Irrigation Trail to Rainy and Black Lakes 6-18-18

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Irrigation Trail to Rainy and Black Lakes 6-18-18

Post by bobcat » June 20th, 2018, 6:46 pm

When the USFS opened the Mt. Defiance subset of trails a few weeks ago, they listed among the now open routes the Black Lake Trail #409A. Well, I knew from northridge’s report of a couple of years ago that that trail was but a mere shadow of its former self, but I resolved to see how this newly opened trail had fared the closure. Since it is quite short, we combined it with the Kingsley-Wahtum Trail a.k.a the Irrigation Trail, another trail I had never done.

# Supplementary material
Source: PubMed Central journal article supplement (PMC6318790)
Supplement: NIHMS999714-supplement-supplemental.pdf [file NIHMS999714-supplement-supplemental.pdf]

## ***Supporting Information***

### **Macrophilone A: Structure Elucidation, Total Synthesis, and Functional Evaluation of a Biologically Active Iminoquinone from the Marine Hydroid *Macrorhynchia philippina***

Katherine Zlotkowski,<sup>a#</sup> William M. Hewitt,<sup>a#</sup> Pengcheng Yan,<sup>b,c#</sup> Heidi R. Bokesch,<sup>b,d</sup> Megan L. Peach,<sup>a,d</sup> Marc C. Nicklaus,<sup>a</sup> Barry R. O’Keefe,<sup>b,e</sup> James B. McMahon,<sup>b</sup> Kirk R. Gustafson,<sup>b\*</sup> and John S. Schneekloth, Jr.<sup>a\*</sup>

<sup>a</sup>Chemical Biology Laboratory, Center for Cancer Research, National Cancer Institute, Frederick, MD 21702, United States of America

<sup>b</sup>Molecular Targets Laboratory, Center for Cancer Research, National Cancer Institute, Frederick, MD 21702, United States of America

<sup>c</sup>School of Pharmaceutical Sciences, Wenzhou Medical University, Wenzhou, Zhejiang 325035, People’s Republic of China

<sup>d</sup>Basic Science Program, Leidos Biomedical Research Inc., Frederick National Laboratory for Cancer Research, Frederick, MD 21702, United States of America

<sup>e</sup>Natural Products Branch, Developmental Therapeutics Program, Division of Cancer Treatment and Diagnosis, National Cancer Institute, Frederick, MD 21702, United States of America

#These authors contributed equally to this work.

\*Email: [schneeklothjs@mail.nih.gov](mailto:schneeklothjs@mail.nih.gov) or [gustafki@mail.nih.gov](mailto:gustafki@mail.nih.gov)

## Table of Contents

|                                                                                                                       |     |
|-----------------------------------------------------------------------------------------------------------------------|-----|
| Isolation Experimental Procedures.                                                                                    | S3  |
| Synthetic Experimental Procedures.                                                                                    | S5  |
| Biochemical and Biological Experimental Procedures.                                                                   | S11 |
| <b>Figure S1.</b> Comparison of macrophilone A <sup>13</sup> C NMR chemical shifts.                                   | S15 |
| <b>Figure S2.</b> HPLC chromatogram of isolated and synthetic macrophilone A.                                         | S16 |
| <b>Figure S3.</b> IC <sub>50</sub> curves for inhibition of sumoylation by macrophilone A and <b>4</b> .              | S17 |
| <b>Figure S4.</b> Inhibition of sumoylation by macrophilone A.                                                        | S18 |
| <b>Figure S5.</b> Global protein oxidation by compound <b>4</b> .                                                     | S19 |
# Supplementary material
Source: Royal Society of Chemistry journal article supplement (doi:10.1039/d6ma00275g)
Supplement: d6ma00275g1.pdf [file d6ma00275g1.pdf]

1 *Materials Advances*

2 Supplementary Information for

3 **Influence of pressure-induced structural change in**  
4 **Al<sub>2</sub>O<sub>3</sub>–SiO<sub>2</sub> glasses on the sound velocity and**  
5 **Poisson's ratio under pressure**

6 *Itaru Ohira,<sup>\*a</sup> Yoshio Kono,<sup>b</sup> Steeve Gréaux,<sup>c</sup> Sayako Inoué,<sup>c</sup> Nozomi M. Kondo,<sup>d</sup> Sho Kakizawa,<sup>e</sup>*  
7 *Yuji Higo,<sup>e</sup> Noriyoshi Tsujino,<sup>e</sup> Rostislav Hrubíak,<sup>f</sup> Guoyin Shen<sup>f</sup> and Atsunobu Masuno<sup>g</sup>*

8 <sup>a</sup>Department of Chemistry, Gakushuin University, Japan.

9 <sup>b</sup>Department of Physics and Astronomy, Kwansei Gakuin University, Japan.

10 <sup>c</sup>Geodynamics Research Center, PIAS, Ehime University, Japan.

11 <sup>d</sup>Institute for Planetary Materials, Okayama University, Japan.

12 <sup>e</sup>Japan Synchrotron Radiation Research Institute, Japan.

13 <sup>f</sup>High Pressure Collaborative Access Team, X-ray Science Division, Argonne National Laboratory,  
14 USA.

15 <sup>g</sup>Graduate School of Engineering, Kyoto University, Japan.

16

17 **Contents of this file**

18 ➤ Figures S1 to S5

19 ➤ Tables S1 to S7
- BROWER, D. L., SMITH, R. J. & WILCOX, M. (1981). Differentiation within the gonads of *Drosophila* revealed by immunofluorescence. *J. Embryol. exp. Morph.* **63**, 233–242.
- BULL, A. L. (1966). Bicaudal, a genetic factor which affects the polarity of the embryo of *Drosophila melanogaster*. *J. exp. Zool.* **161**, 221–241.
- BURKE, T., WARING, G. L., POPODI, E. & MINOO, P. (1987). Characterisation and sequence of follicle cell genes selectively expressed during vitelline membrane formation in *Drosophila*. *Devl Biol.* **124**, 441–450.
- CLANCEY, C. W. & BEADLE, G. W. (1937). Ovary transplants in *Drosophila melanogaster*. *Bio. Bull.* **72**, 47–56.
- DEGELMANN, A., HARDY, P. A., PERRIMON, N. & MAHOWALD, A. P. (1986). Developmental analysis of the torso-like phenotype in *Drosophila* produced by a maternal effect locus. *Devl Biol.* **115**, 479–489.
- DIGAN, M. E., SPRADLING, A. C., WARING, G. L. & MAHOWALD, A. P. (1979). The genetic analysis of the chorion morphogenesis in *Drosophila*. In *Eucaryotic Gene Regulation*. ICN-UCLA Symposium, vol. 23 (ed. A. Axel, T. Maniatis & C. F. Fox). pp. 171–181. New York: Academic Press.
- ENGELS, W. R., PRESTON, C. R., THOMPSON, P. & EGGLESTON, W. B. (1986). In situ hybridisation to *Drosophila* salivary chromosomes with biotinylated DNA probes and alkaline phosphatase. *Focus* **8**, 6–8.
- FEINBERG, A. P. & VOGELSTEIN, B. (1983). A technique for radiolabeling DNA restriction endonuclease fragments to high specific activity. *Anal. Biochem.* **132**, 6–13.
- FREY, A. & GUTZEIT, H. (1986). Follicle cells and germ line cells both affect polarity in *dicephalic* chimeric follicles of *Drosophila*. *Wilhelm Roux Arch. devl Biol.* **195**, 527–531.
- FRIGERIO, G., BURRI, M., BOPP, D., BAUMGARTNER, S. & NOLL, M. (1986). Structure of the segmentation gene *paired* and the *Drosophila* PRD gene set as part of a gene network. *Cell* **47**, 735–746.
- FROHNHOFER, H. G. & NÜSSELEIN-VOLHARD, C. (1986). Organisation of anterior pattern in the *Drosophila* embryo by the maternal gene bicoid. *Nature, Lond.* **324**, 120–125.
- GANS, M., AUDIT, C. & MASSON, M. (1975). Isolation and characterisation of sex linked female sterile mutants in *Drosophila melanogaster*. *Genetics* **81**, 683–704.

We drove up what is purported to be the shorter route via the Kingsley Reservoirs. It was not shorter: The road was closed below the upper reservoir because they are raising the level of the lakes by 11 feet and moving the campground - this at the instigation of the farmers in the Hood River Valley. The area will be reopened to the public in Spring 2019, but we endured a narrow, rocky detour to get to Dead Point Road. We found the Kingsley-Wahtum Trailhead on Dead Point and started from there. The route, used mainly by mountain bikers, is quite level to begin with, following a contour that carried the old Oak Grove Ditch, which is now a buried irrigation pipeline. A picturesque vent stood out of the brush at one point. Near a ferny face streaming with spring water, some of the old ditch remains.

Second trailhead on Dead Point Road, Kingsley-Wahtum Trail.jpg
Bead Lily (Clintonia uniflora), Kingsley-Wahtum Trail.jpg
Animal Inn, Kingsley-Wahtum Trail.jpg
Air vent, irrigation pipeline, Kingsley-Wahtum Trail.jpg
Along the irrigation pipeline, Kingsley-Wahtum Trail.jpg
Cascade penstemon (Penstemon serrulatus), Kingsley-Wahtum Trail.jpg